Moving the Chains
One of the goals of modern cancer therapy is to pound away at a tumor with different tools in an attempt to prolong life - to turn cancer into a chronic disease. Ironically, this exposes the patient to a Hobson's choice of suffering from the effects of treatment, or from the cancer if its growth is not thwarted. The fine line between helping and harming a patient is one of the oldest dilemmas in cancer care and must be considered in every move the doctor makes in the contest against a clever foe. A good oncologist must become a strategist, an expert at seeing the playing field before him, a master interpreter of the opponent's plans and a genius in calling the best play, so to speak, to ensure victory.
That's right - an oncologist is basically a football coach in a lab coat.
The fight against cancer is obviously not taken as sport, but like the clashes that occur on cool, sunny afternoons in October it is a match between two adversaries. Similar to the fall pastime, each head coach has his game plan before him and rallies his team with shouts of inspiration, asking his players to give their all for the cause. Unlike a football game, though, when the coach says "Now go out there and kill 'em!" he really means it. Playing against cancer is the ultimate death match.
With a little imagination one can envision how the game develops:
First, think of the oncologist as the coach whose team has the football on the 20 yard line in overtime. The distant end zone, where victory lies, represents either cure of the patient or at least prolongation of life. The team has only four downs to go the required 80 yards, otherwise possession changes, and cancer has never failed to score when given the ball. The four downs allotted the Crab Busters represent the four stages in a patient's plan of therapy. Each down can be described as follows:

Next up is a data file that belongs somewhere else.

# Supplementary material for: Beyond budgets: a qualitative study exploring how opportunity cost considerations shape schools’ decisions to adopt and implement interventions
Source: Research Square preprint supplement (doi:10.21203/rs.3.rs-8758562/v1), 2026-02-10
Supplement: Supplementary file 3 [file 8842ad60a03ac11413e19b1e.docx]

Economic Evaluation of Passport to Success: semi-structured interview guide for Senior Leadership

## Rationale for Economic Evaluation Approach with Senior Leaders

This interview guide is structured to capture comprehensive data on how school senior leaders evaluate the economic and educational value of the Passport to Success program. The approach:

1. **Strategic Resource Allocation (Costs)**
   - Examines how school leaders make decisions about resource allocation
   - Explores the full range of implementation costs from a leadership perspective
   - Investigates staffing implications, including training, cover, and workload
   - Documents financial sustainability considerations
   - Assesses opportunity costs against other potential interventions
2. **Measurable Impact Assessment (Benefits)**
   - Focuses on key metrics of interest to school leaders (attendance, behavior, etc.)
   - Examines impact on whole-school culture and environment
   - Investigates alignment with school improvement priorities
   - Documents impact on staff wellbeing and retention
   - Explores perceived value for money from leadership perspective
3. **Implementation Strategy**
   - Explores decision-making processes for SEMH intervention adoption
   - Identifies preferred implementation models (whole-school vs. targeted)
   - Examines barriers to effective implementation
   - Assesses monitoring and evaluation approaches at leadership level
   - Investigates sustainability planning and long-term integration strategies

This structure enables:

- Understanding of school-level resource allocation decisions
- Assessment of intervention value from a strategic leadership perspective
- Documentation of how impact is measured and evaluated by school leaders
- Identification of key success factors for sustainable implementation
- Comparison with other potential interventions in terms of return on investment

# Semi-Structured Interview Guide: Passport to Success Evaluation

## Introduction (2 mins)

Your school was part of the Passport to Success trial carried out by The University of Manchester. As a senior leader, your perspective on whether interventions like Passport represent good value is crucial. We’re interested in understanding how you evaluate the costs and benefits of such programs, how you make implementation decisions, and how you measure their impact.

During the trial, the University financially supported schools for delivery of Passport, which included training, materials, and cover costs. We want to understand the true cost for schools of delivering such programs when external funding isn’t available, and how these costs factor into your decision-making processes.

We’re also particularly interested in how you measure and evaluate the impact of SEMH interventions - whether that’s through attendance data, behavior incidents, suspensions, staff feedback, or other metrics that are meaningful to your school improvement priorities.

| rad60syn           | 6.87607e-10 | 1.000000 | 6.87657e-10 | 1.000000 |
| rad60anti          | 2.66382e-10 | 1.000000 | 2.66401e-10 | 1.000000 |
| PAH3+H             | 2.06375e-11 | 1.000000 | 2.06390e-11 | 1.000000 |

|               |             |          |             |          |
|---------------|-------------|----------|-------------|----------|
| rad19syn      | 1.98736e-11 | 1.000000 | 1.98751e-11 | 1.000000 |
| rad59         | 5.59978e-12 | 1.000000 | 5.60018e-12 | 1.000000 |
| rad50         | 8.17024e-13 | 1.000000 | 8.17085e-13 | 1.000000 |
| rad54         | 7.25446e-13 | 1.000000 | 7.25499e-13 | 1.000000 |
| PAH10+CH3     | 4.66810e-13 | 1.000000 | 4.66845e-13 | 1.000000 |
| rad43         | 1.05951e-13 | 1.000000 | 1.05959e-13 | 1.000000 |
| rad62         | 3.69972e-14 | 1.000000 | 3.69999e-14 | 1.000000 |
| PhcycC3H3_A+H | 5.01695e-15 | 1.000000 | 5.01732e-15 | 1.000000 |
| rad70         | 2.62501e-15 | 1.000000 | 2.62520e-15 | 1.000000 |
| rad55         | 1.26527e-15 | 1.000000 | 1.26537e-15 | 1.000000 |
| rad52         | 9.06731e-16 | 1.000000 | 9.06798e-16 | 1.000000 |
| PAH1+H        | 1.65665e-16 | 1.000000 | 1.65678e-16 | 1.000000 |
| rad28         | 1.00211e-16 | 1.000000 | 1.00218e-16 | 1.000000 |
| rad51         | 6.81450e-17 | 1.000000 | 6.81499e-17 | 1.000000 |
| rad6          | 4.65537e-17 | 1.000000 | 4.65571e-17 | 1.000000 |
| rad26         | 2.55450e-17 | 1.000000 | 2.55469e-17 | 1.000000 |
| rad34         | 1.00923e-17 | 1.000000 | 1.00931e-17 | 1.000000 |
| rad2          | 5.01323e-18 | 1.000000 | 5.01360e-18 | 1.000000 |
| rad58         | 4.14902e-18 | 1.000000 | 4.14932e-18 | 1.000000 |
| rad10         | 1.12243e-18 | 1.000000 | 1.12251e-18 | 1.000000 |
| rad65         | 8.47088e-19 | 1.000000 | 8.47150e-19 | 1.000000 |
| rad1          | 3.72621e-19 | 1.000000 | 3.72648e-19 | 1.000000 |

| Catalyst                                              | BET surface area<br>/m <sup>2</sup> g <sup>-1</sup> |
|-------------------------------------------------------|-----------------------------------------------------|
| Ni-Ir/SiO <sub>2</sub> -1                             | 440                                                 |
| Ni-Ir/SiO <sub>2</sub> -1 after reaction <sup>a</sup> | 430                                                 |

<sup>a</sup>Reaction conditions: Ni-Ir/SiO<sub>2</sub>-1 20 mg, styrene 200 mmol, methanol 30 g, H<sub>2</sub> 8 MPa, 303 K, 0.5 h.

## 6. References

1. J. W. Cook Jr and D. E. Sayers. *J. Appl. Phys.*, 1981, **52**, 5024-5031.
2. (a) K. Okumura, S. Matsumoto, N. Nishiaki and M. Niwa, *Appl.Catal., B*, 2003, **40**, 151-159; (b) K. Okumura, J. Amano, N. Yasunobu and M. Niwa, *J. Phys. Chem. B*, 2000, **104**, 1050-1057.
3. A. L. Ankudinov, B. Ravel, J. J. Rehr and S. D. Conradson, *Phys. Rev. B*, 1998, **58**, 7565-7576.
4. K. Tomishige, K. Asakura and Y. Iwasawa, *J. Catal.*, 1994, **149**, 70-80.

First down - this is the time to call the best play in the book, for some initial treatments can wipe out cancer like a fullback plowing through the crowd at a garden party. Some tumors, like testis cancer or Hodgkin disease, are so susceptible to chemotherapy one can call a quarterback sneak and still reach the end zone. Many others, though, require a more complicated strategy involving fake handoffs and long passes. The goal on first down is to gain as much of the necessary yardage as possible.
Second down - if the team doesn't score with the preferred treatment, the oncologist must now take a hard look at his clipboard and pick the second best therapy he has. No two patients are alike, and therefore salvage treatments do vary. The coach must take into consideration such factors as the patient's overall condition before sending in the play. Some second down plays are simply straight forward rushes, such as single-agent chemotherapy; others such as stem-cell transplantation for relapsed lymphoma, are works of subterfuge and precision as beautiful as a successful flea-flicker.
Third down - by now if the tumor has not been outplayed the chance of fans joyously tearing down the goalposts dwindles. Although some cancers such as ovarian carcinoma respond to many different kinds of chemotherapy and can be subdued for years, most others, like an enemy coach who decodes the other team's signals, become resistant. This is the down where experimental therapy should be considered. The playbook has been exhausted - it is now time to innovate, such as drawing a saber from the folds of the uniform, or setting the field on fire.
Fourth down - as sad as it seems, there comes a time when the oncologist must realize that he can no longer prevent a tumor from achieving its perverted goal of committing suicide by killing its host. In many cases there is nothing more to be gained by exposing the patient to the side effects of a futile Hail Mary pass. A more humane move would be to refer the patient for hospice care and begin to concentrate on providing quality of life, rather than obsess over its length. A few patients will not accept this advice and will seek out unproven cancer therapies. While an oncologist should respect the wishes of his patients, he is not required to advocate any treatment not supported by medical evidence.
A skilled oncologist, like a hard-nosed football coach, knows when to play it conservative and when to go for broke. He plots his strategy against the enemy and then stands on the sideline as the drama unfolds, hoping for the best, but unable to enter the playing field. The patient alone must carry the ball, and his doctor must always remember that the greatest coach is the one who embraces his players in victory or defeat and says "You did your best."